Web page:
The Home Team

Directors: Camille Pendley, Laura Asherman
Documentary Features :: Voices
Running Time:45:08 minutes
Event Date(s)
4:30 PM
Wednesday, November 13
Thalian Black
4:00 PM
Friday, November 15
Thalian Black
Credits:

Directors: Camille Pendley, Laura Asherman
Director of Photography: Laura Asherman
Producer: Tracy Bates
Executive Producer: Wayne Kendall
Art Director/Producer: Carmelle Kendall

The Super Bowl came and went, but the stadium’s next door neighbors are still here. This film shines a light on a subject much more in need of attention than football: The glaring inequity highlighted by a state-of-the-art venue across from a historic neighborhood whose demise Atlanta has allowed for decades. We — Atlanta — have let these neighborhoods become an eyesore of the city, the birthplace of the Civil Rights movement. This film explores the culture that saw fit to invest hundreds of millions of public dollars in a sports venue while neglecting the community just across the street. We’ve heard a lot about the new stadium. This is the residents’ story.

Bio

Camille Pendley is the director of The Home Team, the idea for which came from her time reporting on English Avenue and Vine City. As a journalist, Camille’s work was published in the Washington Post, the Guardian, VICE, Atlanta magazine, Creative Loafing, the Bitter Southerner, Georgia Health News, and the New York Times, among others. Now an investigator, Camille aims to put her research skills to work telling stories less known.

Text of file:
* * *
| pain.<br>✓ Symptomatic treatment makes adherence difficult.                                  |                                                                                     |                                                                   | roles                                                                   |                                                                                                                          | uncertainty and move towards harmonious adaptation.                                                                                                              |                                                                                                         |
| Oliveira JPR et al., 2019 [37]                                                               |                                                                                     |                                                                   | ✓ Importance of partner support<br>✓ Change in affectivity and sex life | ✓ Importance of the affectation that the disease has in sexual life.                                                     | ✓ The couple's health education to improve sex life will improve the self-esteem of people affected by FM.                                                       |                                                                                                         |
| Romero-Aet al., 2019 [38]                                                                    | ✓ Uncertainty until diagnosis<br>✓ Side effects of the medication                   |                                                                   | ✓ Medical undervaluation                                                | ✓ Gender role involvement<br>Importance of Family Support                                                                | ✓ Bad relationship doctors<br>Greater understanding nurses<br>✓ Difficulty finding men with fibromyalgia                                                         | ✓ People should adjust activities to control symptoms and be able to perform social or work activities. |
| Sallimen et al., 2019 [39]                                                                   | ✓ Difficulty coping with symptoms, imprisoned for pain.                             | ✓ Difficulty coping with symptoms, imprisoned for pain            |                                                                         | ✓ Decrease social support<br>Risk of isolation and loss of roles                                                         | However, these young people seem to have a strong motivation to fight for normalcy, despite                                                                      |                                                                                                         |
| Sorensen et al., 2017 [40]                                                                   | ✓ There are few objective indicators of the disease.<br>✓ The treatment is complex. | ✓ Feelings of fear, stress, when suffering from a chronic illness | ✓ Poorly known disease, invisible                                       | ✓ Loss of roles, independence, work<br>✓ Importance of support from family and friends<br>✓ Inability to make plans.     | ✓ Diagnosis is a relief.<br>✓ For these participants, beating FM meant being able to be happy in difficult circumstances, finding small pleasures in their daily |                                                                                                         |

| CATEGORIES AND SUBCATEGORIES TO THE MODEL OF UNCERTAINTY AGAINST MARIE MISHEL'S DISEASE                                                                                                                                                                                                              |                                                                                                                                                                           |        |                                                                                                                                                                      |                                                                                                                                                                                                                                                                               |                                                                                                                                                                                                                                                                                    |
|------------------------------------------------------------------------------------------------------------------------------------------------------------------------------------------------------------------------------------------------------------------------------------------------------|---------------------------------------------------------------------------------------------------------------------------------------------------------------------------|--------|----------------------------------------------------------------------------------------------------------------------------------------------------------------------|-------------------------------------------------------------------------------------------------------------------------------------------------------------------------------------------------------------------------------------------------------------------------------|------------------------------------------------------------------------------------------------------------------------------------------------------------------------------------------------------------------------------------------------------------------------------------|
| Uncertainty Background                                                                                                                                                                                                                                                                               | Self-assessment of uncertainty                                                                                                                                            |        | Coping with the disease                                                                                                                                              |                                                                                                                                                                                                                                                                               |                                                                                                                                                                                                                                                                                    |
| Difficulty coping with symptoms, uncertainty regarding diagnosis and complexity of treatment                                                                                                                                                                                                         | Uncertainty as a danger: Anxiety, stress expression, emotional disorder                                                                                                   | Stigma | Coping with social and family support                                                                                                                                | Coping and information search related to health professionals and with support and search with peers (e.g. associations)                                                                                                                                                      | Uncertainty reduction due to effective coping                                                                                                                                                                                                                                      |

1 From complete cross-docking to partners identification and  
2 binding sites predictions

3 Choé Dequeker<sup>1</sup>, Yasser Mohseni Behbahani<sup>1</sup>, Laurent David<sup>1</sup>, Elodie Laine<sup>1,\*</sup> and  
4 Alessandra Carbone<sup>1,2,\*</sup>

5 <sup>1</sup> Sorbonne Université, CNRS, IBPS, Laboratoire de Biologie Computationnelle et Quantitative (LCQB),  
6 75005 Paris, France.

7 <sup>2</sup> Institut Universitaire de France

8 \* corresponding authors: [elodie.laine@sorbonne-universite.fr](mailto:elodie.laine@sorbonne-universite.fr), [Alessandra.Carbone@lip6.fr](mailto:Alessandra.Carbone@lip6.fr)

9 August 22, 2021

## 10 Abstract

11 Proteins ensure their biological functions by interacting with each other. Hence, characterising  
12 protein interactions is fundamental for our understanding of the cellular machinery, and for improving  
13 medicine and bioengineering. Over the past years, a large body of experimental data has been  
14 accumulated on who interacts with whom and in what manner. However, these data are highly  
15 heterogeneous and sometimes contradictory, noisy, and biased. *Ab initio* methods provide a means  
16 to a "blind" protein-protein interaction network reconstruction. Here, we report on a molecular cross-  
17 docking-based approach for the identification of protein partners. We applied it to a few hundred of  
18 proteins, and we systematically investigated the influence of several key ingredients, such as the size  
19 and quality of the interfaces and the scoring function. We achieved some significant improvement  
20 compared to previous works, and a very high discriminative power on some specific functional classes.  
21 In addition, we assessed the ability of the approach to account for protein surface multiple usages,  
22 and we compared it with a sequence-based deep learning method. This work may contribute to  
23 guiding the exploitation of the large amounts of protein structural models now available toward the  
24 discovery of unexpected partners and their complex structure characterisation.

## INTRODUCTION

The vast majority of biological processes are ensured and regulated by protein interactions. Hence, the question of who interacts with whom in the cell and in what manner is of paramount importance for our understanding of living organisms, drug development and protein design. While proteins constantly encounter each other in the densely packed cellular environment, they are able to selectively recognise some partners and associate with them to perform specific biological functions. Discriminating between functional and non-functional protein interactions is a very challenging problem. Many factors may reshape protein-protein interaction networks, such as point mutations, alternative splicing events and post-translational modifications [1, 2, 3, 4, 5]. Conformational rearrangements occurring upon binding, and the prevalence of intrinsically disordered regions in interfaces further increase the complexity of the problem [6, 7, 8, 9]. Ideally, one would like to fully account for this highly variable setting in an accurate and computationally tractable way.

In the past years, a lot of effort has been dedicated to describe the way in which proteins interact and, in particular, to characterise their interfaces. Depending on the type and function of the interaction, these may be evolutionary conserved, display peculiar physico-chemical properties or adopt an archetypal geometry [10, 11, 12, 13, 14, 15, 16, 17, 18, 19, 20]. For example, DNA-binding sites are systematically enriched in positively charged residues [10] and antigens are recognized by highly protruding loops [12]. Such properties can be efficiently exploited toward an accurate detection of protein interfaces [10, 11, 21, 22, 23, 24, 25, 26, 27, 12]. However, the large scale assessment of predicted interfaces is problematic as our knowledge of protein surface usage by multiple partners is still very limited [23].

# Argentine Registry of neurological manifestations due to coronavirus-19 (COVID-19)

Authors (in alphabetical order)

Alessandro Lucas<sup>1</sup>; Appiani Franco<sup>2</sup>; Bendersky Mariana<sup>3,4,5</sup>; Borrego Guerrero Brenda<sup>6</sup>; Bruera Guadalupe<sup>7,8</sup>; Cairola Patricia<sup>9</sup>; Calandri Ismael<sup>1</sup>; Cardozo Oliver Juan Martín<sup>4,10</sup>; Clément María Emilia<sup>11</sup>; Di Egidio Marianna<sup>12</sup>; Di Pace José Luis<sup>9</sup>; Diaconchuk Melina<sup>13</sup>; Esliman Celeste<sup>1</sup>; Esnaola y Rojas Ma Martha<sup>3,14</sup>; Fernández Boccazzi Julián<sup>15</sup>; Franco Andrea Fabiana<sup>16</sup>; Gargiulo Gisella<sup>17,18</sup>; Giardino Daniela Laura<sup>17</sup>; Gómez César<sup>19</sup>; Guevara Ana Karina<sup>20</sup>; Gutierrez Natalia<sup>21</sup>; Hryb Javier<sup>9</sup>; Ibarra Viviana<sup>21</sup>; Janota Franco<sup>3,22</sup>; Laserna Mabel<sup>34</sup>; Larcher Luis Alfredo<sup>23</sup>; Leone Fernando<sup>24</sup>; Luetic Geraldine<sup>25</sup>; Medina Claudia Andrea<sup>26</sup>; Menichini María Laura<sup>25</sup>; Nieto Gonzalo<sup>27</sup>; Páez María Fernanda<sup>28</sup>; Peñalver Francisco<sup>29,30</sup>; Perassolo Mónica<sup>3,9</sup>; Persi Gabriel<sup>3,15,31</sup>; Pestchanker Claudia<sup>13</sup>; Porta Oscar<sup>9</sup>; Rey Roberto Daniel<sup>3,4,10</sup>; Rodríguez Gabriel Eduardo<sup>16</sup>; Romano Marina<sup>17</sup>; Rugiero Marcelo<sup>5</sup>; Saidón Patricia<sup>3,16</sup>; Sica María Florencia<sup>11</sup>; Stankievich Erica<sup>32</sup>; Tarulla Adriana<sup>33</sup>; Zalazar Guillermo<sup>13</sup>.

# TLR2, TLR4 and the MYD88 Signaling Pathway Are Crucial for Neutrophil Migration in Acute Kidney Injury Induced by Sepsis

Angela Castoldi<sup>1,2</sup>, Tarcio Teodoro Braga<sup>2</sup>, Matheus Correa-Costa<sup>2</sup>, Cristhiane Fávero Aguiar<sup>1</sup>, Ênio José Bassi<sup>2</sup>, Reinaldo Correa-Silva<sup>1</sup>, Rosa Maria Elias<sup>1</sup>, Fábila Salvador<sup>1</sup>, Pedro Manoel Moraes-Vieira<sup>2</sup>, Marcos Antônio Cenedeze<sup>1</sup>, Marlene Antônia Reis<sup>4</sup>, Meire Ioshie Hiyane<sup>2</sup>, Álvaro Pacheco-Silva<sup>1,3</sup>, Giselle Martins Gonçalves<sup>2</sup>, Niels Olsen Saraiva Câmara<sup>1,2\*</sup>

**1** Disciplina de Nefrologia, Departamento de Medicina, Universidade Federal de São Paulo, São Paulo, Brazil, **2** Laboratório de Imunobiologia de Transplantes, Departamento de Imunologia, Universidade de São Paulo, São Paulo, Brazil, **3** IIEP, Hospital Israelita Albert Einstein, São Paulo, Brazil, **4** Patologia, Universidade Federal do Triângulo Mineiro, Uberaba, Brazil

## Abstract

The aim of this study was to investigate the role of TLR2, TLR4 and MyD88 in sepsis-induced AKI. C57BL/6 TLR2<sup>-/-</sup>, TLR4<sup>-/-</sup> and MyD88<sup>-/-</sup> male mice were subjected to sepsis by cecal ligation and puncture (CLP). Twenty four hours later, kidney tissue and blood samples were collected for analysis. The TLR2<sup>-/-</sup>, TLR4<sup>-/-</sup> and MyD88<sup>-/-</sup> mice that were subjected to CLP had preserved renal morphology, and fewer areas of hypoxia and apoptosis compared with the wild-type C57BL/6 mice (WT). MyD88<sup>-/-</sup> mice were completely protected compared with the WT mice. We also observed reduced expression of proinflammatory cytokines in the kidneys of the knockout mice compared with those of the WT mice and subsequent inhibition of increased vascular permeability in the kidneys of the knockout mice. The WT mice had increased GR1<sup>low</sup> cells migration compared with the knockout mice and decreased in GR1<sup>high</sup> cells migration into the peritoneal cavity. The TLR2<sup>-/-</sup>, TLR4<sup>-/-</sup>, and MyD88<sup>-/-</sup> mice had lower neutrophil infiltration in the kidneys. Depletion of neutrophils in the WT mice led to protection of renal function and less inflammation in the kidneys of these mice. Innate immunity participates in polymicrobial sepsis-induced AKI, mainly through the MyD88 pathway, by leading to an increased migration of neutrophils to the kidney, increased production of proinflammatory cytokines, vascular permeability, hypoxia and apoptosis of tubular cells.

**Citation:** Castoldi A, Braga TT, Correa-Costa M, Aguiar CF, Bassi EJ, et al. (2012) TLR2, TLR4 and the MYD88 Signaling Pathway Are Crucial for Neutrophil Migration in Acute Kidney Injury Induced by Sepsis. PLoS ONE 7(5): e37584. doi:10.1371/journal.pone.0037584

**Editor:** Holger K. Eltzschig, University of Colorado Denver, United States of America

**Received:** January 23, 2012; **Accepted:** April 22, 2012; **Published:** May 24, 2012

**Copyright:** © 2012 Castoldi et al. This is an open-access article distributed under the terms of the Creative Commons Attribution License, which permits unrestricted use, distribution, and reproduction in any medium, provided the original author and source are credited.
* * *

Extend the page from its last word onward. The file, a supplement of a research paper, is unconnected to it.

Laura Asherman is a traveling documentary filmmaker and the owner of Forage Films. With an innate interest in human resilience and personal identity, Laura is driven to create character-driven stories that serve to foster awareness and positive social change. Her filmmaking style combines verité, experimental, and expository styles of the non-fiction genre.

Screening with:
Foreign Exchange
Director: Corrie Francis Parks / 5:56
In the vast landscape of global economics, what is the worth of a handful of sand? At times, the individual is lost amidst the masses as they flow through the structures and systems of government. Meanwhile, a country curates its national stories and creates an artifact that passes through a thousand hands before ending up tucked in the back of a traveller’s drawer, a useless banknote symbolizing the possibility of return.